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Nerva Gamma engine
Part of Nerva-1
DoE nuclear/LH2 rocket engine. Study 1972. The final Nerva Gamma flight engine was an improved version of the Alpha, a small engine that could be launched together with its stage and a payload in a single space shuttle launch.

AKA: Nerva Gamma. Status: Study 1972. Date: Designed 1972. Thrust: 81.00 kN (18,209 lbf). Specific impulse: 975 s. Burn time: 1,200 s. Height: 4.46 m (14.64 ft). Diameter: 1.24 m (4.06 ft).

The Gamma incorporated the growth potential of the Alpha engine to a 975-s specific-impulse version incorporating carbide fuel elements was studied (the Gamma engine), as was the potential of the reactor to double as a heat source for a long-term electrical power supply.

Three primary improvements could be designed into future nuclear engines:

The design features listed above were logical second-generation improvements to the state-of-the-art Alpha Engine. Increases in specific impulse could be anticipated by increasing the temperature level at the nozzle exit although many unknowns, technologically, would be involved in the design. A specific impulse of 975 s might be achievable in a core containing carbide fuel elements. This carbide-core engine was referred to as the Gamma Engine.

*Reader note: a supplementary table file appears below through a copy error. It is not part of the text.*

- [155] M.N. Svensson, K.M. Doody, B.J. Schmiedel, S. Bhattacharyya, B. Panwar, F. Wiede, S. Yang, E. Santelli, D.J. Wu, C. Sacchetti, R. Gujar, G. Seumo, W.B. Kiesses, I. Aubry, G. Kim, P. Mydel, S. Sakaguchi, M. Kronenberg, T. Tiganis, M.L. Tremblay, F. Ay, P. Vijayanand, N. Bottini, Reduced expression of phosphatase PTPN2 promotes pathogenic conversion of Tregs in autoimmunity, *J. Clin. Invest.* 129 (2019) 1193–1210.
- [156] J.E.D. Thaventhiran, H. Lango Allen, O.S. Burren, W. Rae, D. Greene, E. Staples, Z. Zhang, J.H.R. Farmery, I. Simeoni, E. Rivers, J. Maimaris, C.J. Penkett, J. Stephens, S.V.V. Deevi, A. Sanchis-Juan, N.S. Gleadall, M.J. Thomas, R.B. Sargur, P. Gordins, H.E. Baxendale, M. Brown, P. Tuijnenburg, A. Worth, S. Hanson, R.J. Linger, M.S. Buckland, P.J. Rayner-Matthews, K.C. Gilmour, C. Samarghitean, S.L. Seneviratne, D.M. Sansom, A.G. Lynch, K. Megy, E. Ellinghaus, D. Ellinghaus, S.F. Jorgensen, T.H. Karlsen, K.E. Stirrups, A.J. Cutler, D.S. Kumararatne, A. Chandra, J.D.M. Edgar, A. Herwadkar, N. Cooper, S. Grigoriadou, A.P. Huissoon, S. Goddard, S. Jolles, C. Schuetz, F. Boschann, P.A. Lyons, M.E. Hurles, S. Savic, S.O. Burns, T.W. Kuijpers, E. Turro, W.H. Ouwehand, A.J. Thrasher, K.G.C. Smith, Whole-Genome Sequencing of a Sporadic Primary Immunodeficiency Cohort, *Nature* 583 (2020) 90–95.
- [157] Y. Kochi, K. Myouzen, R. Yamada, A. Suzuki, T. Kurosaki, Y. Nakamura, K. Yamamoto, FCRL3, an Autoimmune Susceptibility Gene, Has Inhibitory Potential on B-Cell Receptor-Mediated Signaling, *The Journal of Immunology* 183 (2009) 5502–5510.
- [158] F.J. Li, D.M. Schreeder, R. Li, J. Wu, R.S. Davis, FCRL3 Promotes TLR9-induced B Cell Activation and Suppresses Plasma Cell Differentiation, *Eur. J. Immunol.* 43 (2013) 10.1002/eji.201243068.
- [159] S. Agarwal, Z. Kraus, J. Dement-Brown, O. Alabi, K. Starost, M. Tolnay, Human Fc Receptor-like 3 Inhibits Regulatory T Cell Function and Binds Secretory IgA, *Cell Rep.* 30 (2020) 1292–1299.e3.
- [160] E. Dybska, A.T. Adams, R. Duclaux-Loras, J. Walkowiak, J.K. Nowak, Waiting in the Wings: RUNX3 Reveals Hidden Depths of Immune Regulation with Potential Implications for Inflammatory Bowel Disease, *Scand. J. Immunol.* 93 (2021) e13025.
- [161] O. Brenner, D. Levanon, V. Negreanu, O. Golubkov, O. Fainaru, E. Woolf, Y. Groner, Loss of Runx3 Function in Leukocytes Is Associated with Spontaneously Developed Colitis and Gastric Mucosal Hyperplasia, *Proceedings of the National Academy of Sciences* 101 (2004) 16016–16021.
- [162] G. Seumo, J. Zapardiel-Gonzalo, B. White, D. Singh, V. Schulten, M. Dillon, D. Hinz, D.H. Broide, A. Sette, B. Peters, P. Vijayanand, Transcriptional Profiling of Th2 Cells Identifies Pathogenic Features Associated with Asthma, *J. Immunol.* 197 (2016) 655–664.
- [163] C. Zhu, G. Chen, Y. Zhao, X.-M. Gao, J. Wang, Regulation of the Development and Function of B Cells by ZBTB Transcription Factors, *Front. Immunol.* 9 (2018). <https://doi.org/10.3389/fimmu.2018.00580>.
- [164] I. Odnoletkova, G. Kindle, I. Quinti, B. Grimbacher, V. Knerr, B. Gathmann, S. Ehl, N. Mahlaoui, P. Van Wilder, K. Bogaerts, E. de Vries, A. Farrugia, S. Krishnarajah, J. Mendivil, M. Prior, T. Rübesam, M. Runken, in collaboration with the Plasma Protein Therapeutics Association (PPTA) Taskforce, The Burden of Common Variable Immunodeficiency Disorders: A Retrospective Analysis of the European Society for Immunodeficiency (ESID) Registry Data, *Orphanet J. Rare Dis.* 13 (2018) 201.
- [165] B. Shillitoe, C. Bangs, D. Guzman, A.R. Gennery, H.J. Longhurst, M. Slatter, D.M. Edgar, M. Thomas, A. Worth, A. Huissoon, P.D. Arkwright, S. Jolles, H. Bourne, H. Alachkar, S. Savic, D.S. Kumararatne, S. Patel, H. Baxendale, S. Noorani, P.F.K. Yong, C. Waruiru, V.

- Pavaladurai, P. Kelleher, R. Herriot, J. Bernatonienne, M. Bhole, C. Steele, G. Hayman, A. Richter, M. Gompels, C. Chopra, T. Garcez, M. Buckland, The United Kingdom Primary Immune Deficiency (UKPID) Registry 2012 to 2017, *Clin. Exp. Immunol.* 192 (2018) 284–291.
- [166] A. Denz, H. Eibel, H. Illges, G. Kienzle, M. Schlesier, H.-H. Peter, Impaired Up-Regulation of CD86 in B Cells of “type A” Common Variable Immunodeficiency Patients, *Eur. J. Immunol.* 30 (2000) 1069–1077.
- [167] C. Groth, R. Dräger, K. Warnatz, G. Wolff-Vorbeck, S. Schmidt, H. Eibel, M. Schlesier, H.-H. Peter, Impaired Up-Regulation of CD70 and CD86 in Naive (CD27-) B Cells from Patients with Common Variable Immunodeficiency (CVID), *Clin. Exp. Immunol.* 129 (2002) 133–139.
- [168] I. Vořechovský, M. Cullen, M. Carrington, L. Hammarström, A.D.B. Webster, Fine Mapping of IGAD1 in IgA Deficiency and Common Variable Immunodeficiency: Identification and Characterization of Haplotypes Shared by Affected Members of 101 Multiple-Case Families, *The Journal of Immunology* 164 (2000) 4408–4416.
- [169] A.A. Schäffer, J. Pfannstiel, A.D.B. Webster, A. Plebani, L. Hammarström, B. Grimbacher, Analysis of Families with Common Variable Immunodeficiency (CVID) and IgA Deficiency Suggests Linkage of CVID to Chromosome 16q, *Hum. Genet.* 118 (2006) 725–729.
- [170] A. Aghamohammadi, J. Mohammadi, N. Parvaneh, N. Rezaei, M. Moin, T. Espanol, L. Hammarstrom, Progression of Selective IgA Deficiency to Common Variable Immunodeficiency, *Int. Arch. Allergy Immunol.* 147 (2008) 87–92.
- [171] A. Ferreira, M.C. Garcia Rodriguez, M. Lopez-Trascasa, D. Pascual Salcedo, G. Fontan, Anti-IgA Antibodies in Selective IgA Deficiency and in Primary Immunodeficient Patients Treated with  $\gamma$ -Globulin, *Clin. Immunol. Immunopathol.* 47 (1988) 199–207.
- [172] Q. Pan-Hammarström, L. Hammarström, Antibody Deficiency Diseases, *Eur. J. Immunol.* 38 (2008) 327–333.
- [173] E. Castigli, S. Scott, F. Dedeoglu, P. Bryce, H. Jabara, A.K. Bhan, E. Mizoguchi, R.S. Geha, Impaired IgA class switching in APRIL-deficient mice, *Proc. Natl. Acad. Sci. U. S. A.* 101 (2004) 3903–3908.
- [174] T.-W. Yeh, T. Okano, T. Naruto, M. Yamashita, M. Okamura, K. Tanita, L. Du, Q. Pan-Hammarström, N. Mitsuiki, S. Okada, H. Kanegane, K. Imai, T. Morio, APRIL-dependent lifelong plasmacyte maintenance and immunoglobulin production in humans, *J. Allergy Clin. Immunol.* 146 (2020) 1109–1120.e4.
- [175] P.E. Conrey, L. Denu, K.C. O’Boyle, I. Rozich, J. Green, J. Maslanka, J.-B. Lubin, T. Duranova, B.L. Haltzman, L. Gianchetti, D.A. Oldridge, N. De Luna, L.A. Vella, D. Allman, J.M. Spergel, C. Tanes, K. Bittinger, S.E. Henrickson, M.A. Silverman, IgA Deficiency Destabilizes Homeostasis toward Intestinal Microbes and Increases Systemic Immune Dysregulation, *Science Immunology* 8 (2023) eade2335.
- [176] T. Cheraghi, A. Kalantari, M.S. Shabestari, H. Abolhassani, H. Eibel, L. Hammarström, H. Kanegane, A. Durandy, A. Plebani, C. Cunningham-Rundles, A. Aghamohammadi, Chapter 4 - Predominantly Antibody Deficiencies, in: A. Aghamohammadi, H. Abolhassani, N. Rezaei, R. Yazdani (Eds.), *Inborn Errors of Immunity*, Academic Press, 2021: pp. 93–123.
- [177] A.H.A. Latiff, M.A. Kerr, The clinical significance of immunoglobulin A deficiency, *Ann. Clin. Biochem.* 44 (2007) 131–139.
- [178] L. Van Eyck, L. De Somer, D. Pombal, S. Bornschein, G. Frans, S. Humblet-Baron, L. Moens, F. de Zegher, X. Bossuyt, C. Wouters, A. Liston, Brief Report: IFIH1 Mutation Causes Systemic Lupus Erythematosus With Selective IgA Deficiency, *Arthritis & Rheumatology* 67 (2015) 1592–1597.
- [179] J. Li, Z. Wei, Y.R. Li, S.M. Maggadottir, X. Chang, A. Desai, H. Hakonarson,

It was known that corrosion loss rates can be greatly reduced and temperature limits extended through the use of pure carbide, i.e., UC-ZrC, fuel elements. This material was studied experimentally at LASL from 1969, and some preliminary work was done on the design of a reactor core based on such fuel. By using carbide fuel elements the temperature limit of the exit gas could be extended from the 2730 K to roughly 315O K. This material was more brittle and cracked more easily under thermal stress than composites, and the core design had to take this into account. Also, the carbide fuel was denser than composite fuel, which would increase the engine mass by roughly 260 kg.

In striving for higher temperatures, components other than fuel elements would also be changed. The low-melting-point aluminum pressure vessel would be changed, and the nozzle would change from one incorporating a thin-walled cooling jacket to an un-cooled structure. The latter change might not be advisable depending on engine and mission lifetime requirements, all of which would be affected by Alpha Engine flight experience and by the developing United States space program.